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A Genetic Shield

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Bahrain’s ancient DNA holds key to malaria immunity, reveals study

By Raji Unnikrishnan

A study done on human remains from Abu Saiba and Hamad Town around 2000 years shed light on Bahrain’s battle against malaria, suggesting genetic resistance developed following the emergence of agriculture.

DNA analysis of four individuals from Bahrain’s Tylos era has revealed the presence of the G6PD-Mediterranean gene, known for its anti-malarial properties, offering insights into the kingdom’s historical immunity to the disease.

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The study titled ‘Ancient genomes illuminate eastern Arabian population history and adaptation against malaria’ was led by Dr Rui Martiniano at Liverpool John Moores University, alongside experts from Bahrain Authority for Culture and Antiquities (BACA), the University of Birmingham Dubai, the University of Cambridge, and other Arabian institutes such as the Mohammed Bin Rashid University of Medicine and Health Sciences, Dubai, as well as research centres in Europe, including Université Lumière Lyon 2, Trinity College Dublin, and others. The group has published its findings in Cell Genomics, an open access journal that publishes multi-disciplinary research at the intersection of genomics and the life sciences.

According to BACA Antiquities and Museums director Dr Salman Almahari, the groundbreaking revelation will propel further research in the region.

“This is the first of its kind research to be done in Bahrain, which is using the DNA to study the ancient human bodies or skeletons or bones,” Dr Almahari told Bahrain This Week.
“The fact remains that study based on DNA extracts from bones and skeletons are very difficult in our region or in Bahrain due to the burial environment, which is hot, wet and salty. However we got a good result and this is the beginning. Yes, we can do more, and we can get more results in the future. And, these kinds of studies using the latest scientific knowledge are very important to understand the past of the people who lived in this island.”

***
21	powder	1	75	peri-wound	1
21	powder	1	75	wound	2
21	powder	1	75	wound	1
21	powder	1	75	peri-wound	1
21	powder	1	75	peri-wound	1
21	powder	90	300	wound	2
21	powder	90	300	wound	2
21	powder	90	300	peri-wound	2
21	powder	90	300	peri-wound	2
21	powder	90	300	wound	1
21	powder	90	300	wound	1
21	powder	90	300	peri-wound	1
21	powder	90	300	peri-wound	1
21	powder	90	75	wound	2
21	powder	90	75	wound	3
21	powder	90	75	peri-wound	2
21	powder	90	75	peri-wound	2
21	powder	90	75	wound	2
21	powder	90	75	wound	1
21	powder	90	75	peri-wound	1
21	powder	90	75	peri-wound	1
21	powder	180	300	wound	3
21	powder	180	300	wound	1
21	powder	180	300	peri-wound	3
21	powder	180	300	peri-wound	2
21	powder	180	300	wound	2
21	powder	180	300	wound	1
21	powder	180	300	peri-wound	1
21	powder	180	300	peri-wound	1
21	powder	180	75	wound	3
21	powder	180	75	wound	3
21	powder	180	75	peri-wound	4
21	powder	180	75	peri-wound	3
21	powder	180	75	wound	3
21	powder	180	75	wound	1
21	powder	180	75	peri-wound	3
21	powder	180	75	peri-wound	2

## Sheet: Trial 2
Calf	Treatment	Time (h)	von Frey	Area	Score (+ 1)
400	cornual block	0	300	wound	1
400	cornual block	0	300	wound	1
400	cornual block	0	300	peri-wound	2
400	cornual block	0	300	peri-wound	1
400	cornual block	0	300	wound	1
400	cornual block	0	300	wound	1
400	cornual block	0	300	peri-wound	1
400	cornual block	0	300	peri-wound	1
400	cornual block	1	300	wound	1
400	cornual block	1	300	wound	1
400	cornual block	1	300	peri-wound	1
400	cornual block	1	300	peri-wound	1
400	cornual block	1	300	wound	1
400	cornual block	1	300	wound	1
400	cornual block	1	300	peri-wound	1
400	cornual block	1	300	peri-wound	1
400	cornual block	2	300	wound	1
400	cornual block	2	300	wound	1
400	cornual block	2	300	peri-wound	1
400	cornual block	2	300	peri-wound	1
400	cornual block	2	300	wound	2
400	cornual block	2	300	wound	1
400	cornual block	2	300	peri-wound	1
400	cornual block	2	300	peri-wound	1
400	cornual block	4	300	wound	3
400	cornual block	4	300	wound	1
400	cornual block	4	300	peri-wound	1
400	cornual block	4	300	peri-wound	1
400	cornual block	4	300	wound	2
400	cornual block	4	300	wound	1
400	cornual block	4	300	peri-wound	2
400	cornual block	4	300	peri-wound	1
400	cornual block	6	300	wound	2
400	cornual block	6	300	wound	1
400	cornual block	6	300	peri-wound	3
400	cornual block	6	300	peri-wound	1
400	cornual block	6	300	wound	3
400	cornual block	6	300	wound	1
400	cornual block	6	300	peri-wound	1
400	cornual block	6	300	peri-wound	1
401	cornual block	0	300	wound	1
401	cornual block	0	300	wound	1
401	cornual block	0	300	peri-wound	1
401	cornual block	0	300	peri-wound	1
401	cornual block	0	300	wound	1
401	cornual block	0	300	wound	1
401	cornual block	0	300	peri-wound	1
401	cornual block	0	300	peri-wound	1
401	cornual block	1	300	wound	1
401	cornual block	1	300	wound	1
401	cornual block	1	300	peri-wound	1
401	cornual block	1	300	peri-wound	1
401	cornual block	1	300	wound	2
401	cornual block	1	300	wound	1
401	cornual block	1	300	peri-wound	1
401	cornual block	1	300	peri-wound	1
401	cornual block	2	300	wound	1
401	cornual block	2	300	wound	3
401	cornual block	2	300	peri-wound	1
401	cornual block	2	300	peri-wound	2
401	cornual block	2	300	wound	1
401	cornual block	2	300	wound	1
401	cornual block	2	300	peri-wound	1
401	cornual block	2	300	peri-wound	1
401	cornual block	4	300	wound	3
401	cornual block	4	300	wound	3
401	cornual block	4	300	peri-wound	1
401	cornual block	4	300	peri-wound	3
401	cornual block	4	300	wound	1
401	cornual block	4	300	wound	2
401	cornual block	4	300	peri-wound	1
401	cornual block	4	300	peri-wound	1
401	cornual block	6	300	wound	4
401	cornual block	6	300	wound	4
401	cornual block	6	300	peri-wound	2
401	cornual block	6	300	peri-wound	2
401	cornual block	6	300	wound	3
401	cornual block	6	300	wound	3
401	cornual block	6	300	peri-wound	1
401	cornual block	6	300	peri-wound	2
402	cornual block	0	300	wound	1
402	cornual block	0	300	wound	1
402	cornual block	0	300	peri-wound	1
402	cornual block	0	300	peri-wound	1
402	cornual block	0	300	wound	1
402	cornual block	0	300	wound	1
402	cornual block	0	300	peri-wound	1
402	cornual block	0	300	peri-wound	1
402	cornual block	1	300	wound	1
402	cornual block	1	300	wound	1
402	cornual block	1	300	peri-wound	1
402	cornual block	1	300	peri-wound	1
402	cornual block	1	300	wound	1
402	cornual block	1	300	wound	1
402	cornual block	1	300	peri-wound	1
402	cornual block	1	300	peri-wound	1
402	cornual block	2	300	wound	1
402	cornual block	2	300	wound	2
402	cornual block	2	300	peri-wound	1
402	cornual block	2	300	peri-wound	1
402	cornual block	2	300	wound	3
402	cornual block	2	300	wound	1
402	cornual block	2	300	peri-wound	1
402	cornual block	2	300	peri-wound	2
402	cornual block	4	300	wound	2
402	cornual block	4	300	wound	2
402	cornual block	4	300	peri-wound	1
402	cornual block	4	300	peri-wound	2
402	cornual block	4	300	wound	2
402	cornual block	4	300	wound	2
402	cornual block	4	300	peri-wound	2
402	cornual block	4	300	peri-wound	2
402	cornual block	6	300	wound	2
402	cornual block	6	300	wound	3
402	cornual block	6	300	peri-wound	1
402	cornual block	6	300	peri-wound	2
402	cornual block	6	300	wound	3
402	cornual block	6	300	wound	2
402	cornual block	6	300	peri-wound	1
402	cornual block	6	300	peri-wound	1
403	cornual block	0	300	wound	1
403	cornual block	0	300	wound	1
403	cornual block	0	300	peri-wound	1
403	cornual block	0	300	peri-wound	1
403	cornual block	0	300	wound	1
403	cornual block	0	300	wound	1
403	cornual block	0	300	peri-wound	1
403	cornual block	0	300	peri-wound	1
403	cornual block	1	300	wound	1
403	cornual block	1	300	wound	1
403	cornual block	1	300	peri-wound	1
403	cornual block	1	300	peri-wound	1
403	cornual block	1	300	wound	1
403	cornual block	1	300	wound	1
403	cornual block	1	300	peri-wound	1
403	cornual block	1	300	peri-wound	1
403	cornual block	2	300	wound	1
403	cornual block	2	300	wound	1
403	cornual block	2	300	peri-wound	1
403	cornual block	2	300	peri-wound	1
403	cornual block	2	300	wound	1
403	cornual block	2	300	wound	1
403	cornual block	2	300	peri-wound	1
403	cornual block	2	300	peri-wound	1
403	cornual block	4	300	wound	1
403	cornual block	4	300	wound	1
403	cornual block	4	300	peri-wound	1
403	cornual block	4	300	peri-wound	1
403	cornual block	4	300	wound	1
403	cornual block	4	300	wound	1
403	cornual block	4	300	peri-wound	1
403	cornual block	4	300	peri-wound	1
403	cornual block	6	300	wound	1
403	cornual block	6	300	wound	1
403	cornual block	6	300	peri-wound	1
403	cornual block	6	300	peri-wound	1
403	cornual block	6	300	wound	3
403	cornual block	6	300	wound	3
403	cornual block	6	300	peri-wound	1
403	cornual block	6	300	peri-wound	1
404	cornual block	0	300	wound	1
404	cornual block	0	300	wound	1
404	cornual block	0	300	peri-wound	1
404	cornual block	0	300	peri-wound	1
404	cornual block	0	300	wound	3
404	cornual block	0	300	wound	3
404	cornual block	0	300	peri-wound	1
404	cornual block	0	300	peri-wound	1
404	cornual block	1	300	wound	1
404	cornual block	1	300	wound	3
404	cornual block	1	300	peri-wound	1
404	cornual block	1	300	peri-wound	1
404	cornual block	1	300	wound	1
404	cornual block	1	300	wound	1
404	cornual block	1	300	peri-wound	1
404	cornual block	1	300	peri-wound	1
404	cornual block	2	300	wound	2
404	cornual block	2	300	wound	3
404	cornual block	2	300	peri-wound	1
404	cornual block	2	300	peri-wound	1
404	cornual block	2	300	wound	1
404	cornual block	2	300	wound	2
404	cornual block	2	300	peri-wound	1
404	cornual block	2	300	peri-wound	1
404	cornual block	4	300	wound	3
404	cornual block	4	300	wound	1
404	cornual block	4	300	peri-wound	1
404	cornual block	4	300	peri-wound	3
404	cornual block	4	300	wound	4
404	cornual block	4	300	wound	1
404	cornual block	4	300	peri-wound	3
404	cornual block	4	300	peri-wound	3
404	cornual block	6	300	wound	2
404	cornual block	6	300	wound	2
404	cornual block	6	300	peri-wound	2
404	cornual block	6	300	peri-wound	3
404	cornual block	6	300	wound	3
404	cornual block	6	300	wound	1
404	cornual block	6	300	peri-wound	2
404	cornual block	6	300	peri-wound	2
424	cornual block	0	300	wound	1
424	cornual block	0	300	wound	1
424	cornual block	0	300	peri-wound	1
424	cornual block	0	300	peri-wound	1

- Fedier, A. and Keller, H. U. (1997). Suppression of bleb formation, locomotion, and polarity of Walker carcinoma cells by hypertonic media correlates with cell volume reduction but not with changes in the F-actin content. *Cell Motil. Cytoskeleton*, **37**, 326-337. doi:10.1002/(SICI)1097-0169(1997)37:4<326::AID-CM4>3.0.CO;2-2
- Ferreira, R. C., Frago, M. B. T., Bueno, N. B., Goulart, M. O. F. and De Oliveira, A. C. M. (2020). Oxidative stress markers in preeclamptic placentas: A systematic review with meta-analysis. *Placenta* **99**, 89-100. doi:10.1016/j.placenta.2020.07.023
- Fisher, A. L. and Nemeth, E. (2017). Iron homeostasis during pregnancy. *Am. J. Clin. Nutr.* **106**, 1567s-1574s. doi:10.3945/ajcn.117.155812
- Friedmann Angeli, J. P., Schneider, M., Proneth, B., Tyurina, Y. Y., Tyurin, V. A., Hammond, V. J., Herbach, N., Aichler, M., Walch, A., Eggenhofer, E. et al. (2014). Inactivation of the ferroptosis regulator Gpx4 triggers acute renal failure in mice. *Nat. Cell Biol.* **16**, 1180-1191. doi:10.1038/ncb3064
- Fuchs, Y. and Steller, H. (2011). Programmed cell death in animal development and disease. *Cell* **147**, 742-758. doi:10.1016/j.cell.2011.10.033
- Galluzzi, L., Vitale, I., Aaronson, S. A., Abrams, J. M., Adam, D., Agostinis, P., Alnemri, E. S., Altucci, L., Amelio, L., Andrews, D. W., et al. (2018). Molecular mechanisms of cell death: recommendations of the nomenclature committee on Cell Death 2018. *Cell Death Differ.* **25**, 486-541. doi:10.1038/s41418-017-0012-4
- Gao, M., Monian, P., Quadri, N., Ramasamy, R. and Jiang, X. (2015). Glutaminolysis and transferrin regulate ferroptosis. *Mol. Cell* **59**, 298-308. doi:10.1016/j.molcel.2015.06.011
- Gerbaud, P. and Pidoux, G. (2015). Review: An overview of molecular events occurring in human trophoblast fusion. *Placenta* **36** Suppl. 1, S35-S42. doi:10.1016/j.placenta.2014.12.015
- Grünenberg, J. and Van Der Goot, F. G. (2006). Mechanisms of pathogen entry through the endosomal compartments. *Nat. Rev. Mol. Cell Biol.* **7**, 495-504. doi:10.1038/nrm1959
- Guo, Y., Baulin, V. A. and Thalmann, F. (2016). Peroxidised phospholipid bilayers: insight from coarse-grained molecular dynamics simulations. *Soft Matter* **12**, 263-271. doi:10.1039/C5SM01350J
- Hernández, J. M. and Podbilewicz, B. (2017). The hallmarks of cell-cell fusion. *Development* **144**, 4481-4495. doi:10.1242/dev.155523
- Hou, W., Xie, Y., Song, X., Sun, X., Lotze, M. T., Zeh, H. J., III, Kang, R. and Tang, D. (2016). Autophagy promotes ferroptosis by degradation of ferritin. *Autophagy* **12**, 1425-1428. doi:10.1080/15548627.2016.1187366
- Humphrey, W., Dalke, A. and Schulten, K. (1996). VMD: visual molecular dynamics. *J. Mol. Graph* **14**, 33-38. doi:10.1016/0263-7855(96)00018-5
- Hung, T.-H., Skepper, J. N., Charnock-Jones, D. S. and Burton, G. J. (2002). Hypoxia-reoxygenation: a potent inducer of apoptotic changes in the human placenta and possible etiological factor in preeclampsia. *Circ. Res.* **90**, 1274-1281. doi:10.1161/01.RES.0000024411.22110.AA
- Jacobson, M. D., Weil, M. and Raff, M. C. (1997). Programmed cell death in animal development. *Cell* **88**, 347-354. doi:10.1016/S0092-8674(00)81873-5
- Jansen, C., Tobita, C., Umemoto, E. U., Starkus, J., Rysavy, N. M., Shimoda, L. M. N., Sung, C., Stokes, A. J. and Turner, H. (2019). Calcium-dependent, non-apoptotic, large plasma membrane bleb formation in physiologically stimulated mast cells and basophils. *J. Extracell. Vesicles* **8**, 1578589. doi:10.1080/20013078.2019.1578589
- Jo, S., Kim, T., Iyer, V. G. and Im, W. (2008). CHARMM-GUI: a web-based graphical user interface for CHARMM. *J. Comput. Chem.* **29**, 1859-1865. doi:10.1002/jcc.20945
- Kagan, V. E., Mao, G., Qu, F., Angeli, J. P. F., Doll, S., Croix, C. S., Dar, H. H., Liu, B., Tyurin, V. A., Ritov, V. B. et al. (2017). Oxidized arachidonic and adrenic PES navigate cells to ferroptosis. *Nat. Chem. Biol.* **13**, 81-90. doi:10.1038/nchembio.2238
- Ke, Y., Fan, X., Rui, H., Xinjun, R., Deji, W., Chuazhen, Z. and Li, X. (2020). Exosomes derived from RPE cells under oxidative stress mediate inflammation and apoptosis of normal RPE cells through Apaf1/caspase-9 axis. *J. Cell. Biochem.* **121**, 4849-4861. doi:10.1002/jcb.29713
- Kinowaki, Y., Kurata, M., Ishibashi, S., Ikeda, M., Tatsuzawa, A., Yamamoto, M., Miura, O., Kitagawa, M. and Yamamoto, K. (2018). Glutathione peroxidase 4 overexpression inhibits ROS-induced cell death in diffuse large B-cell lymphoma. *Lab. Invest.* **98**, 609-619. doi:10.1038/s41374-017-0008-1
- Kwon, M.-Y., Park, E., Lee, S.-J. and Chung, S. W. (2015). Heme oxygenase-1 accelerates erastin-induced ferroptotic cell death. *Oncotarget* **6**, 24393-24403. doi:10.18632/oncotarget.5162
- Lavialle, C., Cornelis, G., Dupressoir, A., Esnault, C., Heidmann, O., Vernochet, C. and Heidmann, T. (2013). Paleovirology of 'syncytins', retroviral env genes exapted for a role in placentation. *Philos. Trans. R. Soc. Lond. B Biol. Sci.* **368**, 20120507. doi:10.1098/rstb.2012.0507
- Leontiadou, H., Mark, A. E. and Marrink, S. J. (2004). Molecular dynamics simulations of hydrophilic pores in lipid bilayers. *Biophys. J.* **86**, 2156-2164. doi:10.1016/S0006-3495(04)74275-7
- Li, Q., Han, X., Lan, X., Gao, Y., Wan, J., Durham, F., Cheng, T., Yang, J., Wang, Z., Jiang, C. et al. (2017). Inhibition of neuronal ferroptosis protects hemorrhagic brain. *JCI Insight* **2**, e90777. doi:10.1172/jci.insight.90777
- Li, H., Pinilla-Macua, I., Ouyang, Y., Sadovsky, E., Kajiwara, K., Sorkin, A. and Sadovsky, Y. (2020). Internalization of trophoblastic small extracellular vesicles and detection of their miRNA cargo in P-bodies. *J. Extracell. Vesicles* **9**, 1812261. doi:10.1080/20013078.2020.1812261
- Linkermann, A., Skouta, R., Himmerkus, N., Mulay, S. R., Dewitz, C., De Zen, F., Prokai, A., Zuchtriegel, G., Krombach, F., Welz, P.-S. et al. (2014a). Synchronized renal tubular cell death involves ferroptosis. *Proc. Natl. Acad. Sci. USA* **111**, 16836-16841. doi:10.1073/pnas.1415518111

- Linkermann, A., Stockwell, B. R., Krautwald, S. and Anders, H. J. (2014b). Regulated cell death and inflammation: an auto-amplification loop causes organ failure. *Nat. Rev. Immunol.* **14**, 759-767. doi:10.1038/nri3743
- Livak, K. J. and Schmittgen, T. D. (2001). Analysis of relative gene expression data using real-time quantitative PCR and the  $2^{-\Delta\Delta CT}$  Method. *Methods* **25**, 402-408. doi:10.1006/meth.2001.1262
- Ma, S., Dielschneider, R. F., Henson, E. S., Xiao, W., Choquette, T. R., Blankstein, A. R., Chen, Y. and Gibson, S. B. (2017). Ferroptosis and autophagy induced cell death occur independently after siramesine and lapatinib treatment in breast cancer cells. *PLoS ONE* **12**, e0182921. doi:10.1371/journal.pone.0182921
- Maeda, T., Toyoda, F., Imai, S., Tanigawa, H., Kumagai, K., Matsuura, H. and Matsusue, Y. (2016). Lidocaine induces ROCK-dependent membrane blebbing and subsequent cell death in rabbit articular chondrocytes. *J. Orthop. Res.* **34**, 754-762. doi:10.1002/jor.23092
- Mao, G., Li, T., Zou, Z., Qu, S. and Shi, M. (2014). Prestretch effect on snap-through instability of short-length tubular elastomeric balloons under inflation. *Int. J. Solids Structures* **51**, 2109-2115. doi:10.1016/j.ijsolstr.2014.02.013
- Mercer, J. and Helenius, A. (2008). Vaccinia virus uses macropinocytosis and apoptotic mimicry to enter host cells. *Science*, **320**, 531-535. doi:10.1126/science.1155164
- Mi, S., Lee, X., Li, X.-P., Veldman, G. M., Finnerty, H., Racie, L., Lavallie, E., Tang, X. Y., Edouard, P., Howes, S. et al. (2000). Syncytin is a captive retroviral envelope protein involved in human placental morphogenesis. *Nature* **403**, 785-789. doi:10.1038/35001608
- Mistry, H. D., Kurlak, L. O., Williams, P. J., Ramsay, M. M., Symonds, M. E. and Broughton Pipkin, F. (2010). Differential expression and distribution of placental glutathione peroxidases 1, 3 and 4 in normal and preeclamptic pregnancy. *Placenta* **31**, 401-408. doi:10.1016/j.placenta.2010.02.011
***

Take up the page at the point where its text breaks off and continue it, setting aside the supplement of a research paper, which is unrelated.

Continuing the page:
Researchers discovered that the ancestry of Tylos-period inhabitants of Bahrain comprises sources related to ancient groups from Anatolia, the Levant, and the Caucasus. The four Bahrain individuals were genetically more like present-day populations from the Levant and Iraq than Arabians.

“Human remains from Abu Saiba and Hamad Town, around 2000 years old, reveal information that the inhabitants of the ancient east Arabian island gained genetic resistance to malaria after the emergence of agriculture in the region about five thousand years ago,” said Dr Almahari.

“DNA analysis of the remains of four people who lived in Bahrain during the Tylos era (300 to 600 BC), the first ancient genomes from the east of the Arabian island, has revealed the presence of the G6PD-Mediterranean gene boom, the anti-malaria gene, in three samples.

“Our study also paves the way for future research that will shed light on human population movements in Arabia and other regions with harsh climates where it is difficult to find well-preserved sources of DNA.”

Researchers collected ancient human remains from archaeological collections stored at the Bahrain National Museum. They extracted DNA from 25 individuals, but only four were sequenced for higher coverage due to poor preservation.

“According to our estimates, the G6PD Mediterranean mutation rose in frequency around five-to-six thousand years ago, coinciding with the onset of agriculture in the region, which would have created ideal conditions for the proliferation of malaria,” said lead researcher Dr Martiniano.

Due to poor ancient DNA preservation in hot and humid climates, no ancient DNA from Arabia has been sequenced until now, preventing the direct examination of the genetic ancestry of its past populations.

“By obtaining the first ancient genomes from Eastern Arabia, we provide unprecedented insights into human history and disease progression in this region,” observed Marc Haber, from the University of Birmingham Dubai.
“This knowledge goes beyond historical understanding, providing predictive capabilities for disease susceptibility, spread, and treatment, thus promoting better health outcomes.”

Fatima Aloraifi, from the Mersey and West Lancashire NHS Trust, cited that the rich population history of Bahrain, and more generally of Arabia, has been severely understudied from a genetic perspective.
“We provide the first genetic snapshot of past Arabian populations, obtaining important insights about malaria adaptation, which was historically endemic in the region,” she said.

Richard Durbin, from the University of Cambridge, who supervised the project, said it was an exciting project, to have been able to analyse ancient human genetic data from the remarkable burial mounds of Bahrain.

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